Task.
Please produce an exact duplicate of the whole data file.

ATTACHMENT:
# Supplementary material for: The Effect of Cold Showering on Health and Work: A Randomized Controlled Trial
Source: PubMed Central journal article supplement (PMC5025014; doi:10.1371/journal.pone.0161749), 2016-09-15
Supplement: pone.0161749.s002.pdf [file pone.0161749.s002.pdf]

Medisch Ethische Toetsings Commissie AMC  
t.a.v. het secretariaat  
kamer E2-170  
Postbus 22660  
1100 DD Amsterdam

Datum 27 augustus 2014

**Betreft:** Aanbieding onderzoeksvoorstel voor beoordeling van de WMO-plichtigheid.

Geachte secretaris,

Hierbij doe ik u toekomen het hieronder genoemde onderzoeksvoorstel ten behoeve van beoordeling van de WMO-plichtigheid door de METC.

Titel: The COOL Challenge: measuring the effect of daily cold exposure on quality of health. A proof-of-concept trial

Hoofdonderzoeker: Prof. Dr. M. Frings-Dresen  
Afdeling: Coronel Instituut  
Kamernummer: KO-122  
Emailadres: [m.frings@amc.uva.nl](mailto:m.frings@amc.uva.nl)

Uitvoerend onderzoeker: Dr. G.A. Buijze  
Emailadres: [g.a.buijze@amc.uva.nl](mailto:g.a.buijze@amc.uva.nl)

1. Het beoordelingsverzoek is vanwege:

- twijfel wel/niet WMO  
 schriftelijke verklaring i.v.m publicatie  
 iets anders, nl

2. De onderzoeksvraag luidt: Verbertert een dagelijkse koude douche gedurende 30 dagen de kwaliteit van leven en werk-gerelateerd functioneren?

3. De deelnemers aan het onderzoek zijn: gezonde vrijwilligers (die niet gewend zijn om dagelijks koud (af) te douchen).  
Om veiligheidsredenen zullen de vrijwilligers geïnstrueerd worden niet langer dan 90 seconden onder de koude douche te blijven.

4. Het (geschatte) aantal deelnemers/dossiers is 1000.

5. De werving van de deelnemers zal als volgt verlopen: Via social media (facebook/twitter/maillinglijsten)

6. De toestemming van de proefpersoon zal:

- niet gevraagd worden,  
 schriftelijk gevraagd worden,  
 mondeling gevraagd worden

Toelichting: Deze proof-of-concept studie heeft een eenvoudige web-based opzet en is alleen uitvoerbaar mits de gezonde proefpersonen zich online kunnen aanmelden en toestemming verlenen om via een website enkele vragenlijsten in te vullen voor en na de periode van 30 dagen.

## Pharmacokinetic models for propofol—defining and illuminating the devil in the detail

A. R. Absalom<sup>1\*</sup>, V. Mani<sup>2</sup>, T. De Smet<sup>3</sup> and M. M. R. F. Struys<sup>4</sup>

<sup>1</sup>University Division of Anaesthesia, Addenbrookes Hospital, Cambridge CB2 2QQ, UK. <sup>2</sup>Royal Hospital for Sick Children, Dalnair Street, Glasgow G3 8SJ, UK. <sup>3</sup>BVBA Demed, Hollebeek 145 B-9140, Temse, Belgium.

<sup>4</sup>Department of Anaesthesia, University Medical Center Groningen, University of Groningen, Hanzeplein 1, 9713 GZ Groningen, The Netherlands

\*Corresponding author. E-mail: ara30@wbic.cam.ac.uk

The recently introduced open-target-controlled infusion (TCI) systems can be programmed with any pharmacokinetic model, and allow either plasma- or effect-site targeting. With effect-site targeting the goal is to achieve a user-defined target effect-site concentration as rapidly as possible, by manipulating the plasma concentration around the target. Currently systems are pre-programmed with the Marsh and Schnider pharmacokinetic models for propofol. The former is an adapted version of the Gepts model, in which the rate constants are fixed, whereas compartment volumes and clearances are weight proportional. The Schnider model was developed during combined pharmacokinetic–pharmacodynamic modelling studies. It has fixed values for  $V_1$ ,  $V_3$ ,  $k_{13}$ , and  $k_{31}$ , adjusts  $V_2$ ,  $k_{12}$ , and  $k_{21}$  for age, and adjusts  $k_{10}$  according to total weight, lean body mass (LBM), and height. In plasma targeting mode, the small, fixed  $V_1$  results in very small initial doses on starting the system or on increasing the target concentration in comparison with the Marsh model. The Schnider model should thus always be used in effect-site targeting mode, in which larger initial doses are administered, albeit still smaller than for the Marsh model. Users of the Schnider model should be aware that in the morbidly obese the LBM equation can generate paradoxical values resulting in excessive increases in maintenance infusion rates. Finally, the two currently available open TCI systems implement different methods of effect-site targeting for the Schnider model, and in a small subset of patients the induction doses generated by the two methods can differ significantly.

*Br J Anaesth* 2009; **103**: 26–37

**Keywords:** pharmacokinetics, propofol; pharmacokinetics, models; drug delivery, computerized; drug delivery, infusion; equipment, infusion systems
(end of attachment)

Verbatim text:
# Supplementary material for: The Effect of Cold Showering on Health and Work: A Randomized Controlled Trial
Source: PubMed Central journal article supplement (PMC5025014; doi:10.1371/journal.pone.0161749), 2016-09-15
Supplement: pone.0161749.s002.pdf [file pone.0161749.s002.pdf]

Medisch Ethische Toetsings Commissie AMC  
t.a.v. het secretariaat  
kamer E2-170  
Postbus 22660  
1100 DD Amsterdam

Datum 27 augustus 2014

**Betreft:** Aanbieding onderzoeksvoorstel voor beoordeling van de WMO-plichtigheid.

Geachte secretaris,

Hierbij doe ik u toekomen het hieronder genoemde onderzoeksvoorstel ten behoeve van beoordeling van de WMO-plichtigheid door de METC.

Titel: The COOL Challenge: measuring the effect of daily cold exposure on quality of health. A proof-of-concept trial

Hoofdonderzoeker: Prof. Dr. M. Frings-Dresen  
Afdeling: Coronel Instituut  
Kamernummer: KO-122  
Emailadres: [m.frings@amc.uva.nl](mailto:m.frings@amc.uva.nl)

Uitvoerend onderzoeker: Dr. G.A. Buijze  
Emailadres: [g.a.buijze@amc.uva.nl](mailto:g.a.buijze@amc.uva.nl)

1. Het beoordelingsverzoek is vanwege:

- twijfel wel/niet WMO  
 schriftelijke verklaring i.v.m publicatie  
 iets anders, nl

2. De onderzoeksvraag luidt: Verbertert een dagelijkse koude douche gedurende 30 dagen de kwaliteit van leven en werk-gerelateerd functioneren?

3. De deelnemers aan het onderzoek zijn: gezonde vrijwilligers (die niet gewend zijn om dagelijks koud (af) te douchen).  
Om veiligheidsredenen zullen de vrijwilligers geïnstrueerd worden niet langer dan 90 seconden onder de koude douche te blijven.

4. Het (geschatte) aantal deelnemers/dossiers is 1000.

5. De werving van de deelnemers zal als volgt verlopen: Via social media (facebook/twitter/maillinglijsten)

6. De toestemming van de proefpersoon zal:

- niet gevraagd worden,  
 schriftelijk gevraagd worden,  
 mondeling gevraagd worden

Toelichting: Deze proof-of-concept studie heeft een eenvoudige web-based opzet en is alleen uitvoerbaar mits de gezonde proefpersonen zich online kunnen aanmelden en toestemming verlenen om via een website enkele vragenlijsten in te vullen voor en na de periode van 30 dagen.

## Pharmacokinetic models for propofol—defining and illuminating the devil in the detail

A. R. Absalom<sup>1\*</sup>, V. Mani<sup>2</sup>, T. De Smet<sup>3</sup> and M. M. R. F. Struys<sup>4</sup>

<sup>1</sup>University Division of Anaesthesia, Addenbrookes Hospital, Cambridge CB2 2QQ, UK. <sup>2</sup>Royal Hospital for Sick Children, Dalnair Street, Glasgow G3 8SJ, UK. <sup>3</sup>BVBA Demed, Hollebeek 145 B-9140, Temse, Belgium.

<sup>4</sup>Department of Anaesthesia, University Medical Center Groningen, University of Groningen, Hanzeplein 1, 9713 GZ Groningen, The Netherlands

\*Corresponding author. E-mail: ara30@wbic.cam.ac.uk

The recently introduced open-target-controlled infusion (TCI) systems can be programmed with any pharmacokinetic model, and allow either plasma- or effect-site targeting. With effect-site targeting the goal is to achieve a user-defined target effect-site concentration as rapidly as possible, by manipulating the plasma concentration around the target. Currently systems are pre-programmed with the Marsh and Schnider pharmacokinetic models for propofol. The former is an adapted version of the Gepts model, in which the rate constants are fixed, whereas compartment volumes and clearances are weight proportional. The Schnider model was developed during combined pharmacokinetic–pharmacodynamic modelling studies. It has fixed values for  $V_1$ ,  $V_3$ ,  $k_{13}$ , and  $k_{31}$ , adjusts  $V_2$ ,  $k_{12}$ , and  $k_{21}$  for age, and adjusts  $k_{10}$  according to total weight, lean body mass (LBM), and height. In plasma targeting mode, the small, fixed  $V_1$  results in very small initial doses on starting the system or on increasing the target concentration in comparison with the Marsh model. The Schnider model should thus always be used in effect-site targeting mode, in which larger initial doses are administered, albeit still smaller than for the Marsh model. Users of the Schnider model should be aware that in the morbidly obese the LBM equation can generate paradoxical values resulting in excessive increases in maintenance infusion rates. Finally, the two currently available open TCI systems implement different methods of effect-site targeting for the Schnider model, and in a small subset of patients the induction doses generated by the two methods can differ significantly.

*Br J Anaesth* 2009; **103**: 26–37

**Keywords:** pharmacokinetics, propofol; pharmacokinetics, models; drug delivery, computerized; drug delivery, infusion; equipment, infusion systems